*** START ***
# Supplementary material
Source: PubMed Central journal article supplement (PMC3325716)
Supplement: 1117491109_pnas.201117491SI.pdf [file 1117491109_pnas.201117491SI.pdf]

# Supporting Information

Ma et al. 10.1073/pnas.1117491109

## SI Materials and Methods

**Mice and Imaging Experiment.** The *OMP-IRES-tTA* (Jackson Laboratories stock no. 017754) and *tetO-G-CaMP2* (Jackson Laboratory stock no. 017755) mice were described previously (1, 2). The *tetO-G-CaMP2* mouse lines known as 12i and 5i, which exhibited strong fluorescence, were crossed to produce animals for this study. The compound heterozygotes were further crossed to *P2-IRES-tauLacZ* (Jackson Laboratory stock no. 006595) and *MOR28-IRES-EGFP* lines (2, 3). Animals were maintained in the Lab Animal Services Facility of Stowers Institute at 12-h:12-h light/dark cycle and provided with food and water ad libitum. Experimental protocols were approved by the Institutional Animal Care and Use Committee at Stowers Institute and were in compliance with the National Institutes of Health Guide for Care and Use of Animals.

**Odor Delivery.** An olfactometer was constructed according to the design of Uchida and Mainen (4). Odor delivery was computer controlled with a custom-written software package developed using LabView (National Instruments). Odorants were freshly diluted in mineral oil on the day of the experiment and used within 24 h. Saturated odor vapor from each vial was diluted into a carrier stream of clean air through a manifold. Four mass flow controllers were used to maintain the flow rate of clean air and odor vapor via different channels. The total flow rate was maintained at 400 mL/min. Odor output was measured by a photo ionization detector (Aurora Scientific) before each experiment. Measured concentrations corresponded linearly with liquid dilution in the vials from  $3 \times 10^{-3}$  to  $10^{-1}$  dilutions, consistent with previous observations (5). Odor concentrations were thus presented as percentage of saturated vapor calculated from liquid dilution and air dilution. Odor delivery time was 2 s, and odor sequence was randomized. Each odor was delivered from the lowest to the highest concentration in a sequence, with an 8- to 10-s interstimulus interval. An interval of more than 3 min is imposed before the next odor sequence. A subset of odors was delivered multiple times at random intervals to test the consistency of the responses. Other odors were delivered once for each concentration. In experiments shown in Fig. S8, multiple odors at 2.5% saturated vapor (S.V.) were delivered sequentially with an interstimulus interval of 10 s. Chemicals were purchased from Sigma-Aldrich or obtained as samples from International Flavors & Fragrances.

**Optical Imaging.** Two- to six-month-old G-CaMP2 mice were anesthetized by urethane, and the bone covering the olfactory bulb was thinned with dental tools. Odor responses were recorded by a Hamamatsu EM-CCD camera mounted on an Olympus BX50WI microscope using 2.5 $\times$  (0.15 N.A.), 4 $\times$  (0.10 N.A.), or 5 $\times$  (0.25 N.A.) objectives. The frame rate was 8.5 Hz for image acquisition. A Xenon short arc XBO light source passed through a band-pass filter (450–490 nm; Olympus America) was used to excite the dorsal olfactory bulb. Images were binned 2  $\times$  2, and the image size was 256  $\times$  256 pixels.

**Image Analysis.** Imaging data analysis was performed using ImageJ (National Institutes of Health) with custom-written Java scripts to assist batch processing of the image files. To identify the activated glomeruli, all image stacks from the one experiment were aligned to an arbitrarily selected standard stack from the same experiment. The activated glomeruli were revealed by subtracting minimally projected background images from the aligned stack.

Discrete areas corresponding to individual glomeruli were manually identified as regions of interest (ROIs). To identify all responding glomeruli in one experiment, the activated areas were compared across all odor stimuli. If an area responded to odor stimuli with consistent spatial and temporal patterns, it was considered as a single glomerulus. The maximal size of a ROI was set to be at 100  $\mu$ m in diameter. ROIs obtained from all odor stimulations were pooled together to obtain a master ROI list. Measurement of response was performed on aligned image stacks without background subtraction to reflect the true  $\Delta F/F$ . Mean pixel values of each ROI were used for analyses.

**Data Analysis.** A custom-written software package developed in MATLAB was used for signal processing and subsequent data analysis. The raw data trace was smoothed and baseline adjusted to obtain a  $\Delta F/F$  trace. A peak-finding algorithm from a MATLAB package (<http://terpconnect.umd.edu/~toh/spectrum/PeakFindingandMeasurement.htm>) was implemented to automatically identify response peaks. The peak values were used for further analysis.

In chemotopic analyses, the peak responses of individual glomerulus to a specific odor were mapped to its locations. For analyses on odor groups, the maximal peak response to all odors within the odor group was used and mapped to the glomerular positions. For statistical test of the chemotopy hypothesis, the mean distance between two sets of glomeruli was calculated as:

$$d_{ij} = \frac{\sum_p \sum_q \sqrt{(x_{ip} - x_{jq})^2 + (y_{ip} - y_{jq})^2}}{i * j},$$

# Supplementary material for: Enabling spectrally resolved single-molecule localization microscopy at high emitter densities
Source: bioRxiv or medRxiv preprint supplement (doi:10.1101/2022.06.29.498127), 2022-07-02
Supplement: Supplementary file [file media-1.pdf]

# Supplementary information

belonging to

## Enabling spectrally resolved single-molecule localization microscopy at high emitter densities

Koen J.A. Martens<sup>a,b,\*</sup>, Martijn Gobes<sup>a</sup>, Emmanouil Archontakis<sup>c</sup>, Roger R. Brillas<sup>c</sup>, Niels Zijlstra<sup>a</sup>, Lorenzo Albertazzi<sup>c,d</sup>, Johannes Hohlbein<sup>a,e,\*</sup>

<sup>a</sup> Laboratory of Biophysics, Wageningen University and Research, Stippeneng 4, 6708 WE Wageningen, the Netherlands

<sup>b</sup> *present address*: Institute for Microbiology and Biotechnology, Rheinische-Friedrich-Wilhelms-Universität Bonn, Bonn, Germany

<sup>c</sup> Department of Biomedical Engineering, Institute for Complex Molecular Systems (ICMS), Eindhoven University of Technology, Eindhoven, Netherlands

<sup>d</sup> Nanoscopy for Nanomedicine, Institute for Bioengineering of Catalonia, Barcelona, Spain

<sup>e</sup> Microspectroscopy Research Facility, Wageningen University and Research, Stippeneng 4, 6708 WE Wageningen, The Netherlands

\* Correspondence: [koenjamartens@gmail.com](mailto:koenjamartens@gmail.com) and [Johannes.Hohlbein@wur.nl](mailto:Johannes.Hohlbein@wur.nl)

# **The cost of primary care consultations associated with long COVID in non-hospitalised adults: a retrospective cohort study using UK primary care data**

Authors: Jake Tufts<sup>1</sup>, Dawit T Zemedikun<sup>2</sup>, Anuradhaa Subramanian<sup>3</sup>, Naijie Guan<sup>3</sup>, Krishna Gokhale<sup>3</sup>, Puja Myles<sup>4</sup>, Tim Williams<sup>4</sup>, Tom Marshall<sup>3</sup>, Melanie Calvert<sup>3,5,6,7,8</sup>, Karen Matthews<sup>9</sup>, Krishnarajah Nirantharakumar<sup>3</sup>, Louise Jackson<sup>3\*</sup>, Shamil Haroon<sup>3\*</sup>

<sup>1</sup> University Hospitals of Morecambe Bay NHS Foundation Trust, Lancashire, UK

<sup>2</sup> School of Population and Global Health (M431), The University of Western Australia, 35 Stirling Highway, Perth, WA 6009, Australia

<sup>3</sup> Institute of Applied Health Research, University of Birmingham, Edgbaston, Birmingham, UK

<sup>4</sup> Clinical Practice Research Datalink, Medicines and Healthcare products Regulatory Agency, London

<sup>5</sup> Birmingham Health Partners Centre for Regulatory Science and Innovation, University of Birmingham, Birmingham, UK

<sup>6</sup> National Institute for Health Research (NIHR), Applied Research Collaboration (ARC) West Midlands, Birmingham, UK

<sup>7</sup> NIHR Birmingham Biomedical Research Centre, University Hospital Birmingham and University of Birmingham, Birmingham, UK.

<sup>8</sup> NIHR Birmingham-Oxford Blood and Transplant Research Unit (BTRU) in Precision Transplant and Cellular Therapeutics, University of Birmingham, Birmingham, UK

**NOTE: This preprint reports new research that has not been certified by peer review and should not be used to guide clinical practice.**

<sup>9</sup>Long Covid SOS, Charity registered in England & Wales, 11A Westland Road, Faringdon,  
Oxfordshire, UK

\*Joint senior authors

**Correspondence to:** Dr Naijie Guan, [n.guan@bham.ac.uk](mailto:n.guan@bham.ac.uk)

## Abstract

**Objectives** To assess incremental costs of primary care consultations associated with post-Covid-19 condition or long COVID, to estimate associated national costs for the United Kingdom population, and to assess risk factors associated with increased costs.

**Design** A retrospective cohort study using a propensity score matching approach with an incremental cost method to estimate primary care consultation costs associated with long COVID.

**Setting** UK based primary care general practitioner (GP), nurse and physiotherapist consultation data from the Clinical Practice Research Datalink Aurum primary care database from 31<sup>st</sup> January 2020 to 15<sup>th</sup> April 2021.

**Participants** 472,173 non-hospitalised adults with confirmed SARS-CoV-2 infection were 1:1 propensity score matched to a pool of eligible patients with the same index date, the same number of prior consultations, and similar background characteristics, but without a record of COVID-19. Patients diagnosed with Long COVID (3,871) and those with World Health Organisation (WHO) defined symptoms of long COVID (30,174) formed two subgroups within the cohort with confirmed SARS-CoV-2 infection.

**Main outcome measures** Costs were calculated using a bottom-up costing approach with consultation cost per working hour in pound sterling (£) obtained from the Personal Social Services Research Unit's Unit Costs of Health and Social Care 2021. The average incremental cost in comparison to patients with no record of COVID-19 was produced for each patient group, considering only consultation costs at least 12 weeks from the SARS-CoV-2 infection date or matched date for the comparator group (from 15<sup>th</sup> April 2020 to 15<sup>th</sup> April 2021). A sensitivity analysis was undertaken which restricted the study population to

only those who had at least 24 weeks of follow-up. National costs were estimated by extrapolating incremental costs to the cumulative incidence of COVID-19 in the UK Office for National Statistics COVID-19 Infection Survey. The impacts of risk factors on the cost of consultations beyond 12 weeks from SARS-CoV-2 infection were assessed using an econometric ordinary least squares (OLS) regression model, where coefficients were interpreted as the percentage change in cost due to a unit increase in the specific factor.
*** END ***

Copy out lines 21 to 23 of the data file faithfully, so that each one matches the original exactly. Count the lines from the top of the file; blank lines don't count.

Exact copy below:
Koen J.A. Martens<sup>a,b,\*</sup>, Martijn Gobes<sup>a</sup>, Emmanouil Archontakis<sup>c</sup>, Roger R. Brillas<sup>c</sup>, Niels Zijlstra<sup>a</sup>, Lorenzo Albertazzi<sup>c,d</sup>, Johannes Hohlbein<sup>a,e,\*</sup>

<sup>a</sup> Laboratory of Biophysics, Wageningen University and Research, Stippeneng 4, 6708 WE Wageningen, the Netherlands

<sup>b</sup> *present address*: Institute for Microbiology and Biotechnology, Rheinische-Friedrich-Wilhelms-Universität Bonn, Bonn, Germany